So don’t waste time trying to pull a backup of every DC you own. Pick a couple in each domain and back them up. Keep some backup tapes off-site for safety and keep some handy for restoring accidentally deleted objects.

About the Author

With more than fifteen years of IT experience, Don Jones is one of the world’s leading experts on the Microsoft business technology platform. He’s the author of more than 35 books, including Windows PowerShell: TFM, Windows Administrator’s Scripting Toolkit, VBScript WMI and ADSI Unleashed, PHP-Nuke Garage, Special Edition Using Commerce Server 2002, Definitive Guide to SQL Server Performance Optimization, and many more. Don is a top-rated and in-demand speaker and serves on the advisory board for TechMentor. He is an accomplished IT journalist with features and monthly columns in Microsoft TechNet Magazine, Redmond Magazine, and on Web sites such as TechTarget and Don is also a multiple-year recipient of Microsoft’s prestigious Most Valuable Professional (MVP) Award, and is the Editor-in-Chief for Realtime Publishers.

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Reader Comments:

Wed, Sep 14, 2005 DaSmee London

With such a low cost of comms these days and pretty good SSL VPN solutions, the easiest way to ensure Business Continiuity is to have a second and prefereably a 3rd DC at an alternate location, and then as Don says, simply seize the FSMO roles as required, this removes the issues about trying to restore backups to different hardware and lets face it, for the relativly small cost of the comms link and VPN, how much would it cost you to be out of action for say 48 hours? how much is your business worth?

Mon, Aug 8, 2005 graeme england

Not good so far!

Tue, May 4, 2004 Anonymous Anonymous

This is a common sense article. But, New Hardware will always be an issue. Many vendors change the config of Identical server specs and the first item to be changed is the NIC. Then have fun restoring. Additionally server hardware is only part of the issue. If the building is gone where do the users attend in the morning. Agreed that other services and data will invariably be on the server thus a backup is a requirement. People have to layer the defence for infrastructure and a backup is part of the layer not the total plan.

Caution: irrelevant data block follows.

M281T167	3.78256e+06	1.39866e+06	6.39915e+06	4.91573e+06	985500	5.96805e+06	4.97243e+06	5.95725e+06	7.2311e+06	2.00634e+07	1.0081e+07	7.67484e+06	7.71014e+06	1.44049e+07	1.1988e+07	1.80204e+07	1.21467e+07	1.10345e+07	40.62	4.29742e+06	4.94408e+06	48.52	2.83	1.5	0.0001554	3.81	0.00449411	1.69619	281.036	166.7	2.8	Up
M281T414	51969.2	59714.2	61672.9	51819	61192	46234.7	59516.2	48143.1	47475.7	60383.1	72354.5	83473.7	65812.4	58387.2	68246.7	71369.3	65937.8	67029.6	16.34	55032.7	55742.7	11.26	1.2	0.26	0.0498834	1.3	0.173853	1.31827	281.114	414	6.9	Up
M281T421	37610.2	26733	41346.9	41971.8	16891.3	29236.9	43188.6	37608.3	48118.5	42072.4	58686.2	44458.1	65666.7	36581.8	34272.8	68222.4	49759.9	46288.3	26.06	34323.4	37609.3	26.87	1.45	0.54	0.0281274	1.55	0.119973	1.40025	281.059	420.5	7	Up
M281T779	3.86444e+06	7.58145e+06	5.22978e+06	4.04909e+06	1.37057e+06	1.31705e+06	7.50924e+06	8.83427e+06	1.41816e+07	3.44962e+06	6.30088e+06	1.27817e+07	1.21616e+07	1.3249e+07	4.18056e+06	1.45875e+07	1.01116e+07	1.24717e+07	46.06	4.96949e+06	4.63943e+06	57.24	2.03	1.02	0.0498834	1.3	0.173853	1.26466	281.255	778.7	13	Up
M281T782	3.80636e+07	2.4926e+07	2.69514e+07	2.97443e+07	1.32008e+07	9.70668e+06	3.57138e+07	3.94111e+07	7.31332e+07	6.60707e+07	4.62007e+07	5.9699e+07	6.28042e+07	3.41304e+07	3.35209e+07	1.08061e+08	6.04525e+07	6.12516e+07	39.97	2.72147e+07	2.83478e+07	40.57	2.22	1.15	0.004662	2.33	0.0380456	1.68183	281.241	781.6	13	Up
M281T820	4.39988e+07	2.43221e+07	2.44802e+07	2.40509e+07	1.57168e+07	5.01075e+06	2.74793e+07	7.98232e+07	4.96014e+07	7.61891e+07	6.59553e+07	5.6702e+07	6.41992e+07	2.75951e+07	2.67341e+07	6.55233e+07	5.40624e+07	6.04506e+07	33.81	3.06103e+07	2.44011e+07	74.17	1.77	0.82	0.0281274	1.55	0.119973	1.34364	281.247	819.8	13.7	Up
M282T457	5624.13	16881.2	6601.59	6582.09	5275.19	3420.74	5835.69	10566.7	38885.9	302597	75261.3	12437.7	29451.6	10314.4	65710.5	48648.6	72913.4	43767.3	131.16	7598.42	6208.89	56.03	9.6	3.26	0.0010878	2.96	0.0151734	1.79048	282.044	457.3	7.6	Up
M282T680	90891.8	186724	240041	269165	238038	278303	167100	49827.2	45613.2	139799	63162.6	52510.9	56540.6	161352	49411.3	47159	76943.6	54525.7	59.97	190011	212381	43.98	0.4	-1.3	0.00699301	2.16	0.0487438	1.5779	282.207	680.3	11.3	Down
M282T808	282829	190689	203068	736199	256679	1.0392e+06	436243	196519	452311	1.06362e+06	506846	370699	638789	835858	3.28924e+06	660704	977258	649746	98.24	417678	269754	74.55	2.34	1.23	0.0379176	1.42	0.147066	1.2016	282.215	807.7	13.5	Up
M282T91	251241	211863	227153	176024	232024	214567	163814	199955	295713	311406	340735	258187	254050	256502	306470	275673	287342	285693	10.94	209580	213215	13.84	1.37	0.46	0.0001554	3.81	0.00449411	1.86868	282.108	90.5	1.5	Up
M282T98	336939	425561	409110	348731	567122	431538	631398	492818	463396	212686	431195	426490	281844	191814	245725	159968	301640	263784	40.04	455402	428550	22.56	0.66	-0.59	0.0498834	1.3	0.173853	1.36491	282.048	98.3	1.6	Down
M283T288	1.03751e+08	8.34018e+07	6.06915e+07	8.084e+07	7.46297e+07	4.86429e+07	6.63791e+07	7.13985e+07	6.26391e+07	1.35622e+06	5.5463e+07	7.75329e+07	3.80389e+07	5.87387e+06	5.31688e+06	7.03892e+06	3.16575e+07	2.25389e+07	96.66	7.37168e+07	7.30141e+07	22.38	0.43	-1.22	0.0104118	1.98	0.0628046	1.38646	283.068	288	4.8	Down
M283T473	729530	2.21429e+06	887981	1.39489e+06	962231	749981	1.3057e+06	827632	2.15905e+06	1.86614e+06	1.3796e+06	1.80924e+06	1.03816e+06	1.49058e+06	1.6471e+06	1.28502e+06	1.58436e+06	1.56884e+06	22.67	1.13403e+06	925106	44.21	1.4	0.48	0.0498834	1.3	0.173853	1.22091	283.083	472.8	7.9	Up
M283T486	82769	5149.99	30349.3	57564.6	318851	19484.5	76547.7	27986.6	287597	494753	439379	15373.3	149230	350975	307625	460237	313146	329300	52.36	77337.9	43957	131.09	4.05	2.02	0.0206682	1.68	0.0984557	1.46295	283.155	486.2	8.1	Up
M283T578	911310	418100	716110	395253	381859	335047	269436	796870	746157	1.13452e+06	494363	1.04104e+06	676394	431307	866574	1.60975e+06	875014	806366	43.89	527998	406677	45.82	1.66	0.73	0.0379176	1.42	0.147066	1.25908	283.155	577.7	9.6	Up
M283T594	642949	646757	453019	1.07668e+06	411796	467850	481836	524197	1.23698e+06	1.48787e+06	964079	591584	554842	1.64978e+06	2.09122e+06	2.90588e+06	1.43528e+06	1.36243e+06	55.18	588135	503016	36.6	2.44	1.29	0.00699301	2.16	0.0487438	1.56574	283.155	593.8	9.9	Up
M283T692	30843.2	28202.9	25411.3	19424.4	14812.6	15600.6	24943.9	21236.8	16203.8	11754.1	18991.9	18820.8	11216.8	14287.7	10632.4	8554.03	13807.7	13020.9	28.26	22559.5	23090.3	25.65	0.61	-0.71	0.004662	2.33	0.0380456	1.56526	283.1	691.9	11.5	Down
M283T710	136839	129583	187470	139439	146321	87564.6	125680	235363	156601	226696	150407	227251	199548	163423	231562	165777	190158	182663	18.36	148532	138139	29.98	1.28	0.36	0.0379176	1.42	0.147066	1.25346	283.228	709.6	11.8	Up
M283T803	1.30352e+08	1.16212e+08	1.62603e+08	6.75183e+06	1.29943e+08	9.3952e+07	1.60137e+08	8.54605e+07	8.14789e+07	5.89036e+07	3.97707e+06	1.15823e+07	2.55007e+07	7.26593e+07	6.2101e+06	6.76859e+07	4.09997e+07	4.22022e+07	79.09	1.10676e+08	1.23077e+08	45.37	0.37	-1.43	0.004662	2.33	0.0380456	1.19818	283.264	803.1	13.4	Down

Tue, Nov 18, 2003 M. Oleson Ga

Use common sense and get a product that manages your total Disaster Recovery program for you. UltraBac's new UBDR Pro has already saved my butt. License it for a server and all your workstations enjoy DR.

Thu, Sep 25, 2003 Anonymous Anonymous

I am not sure how this fits in tips and tricks category. These are basic backup procedures.

Mon, Sep 22, 2003 Anonymous Anonymous

Do not take chance. Backup is the trump card.

Tue, Aug 26, 2003 Anonymous Anonymous

Who can afford to keep a server just as a DC? There are usually other things on the server that require a backup. And what about hardware? Sure, AD is replicated, but what about drivers, third-party software, configurations, user profiles, documentation, network settings,.... When do you need it? Backup? What backup? What do you mean pack my things?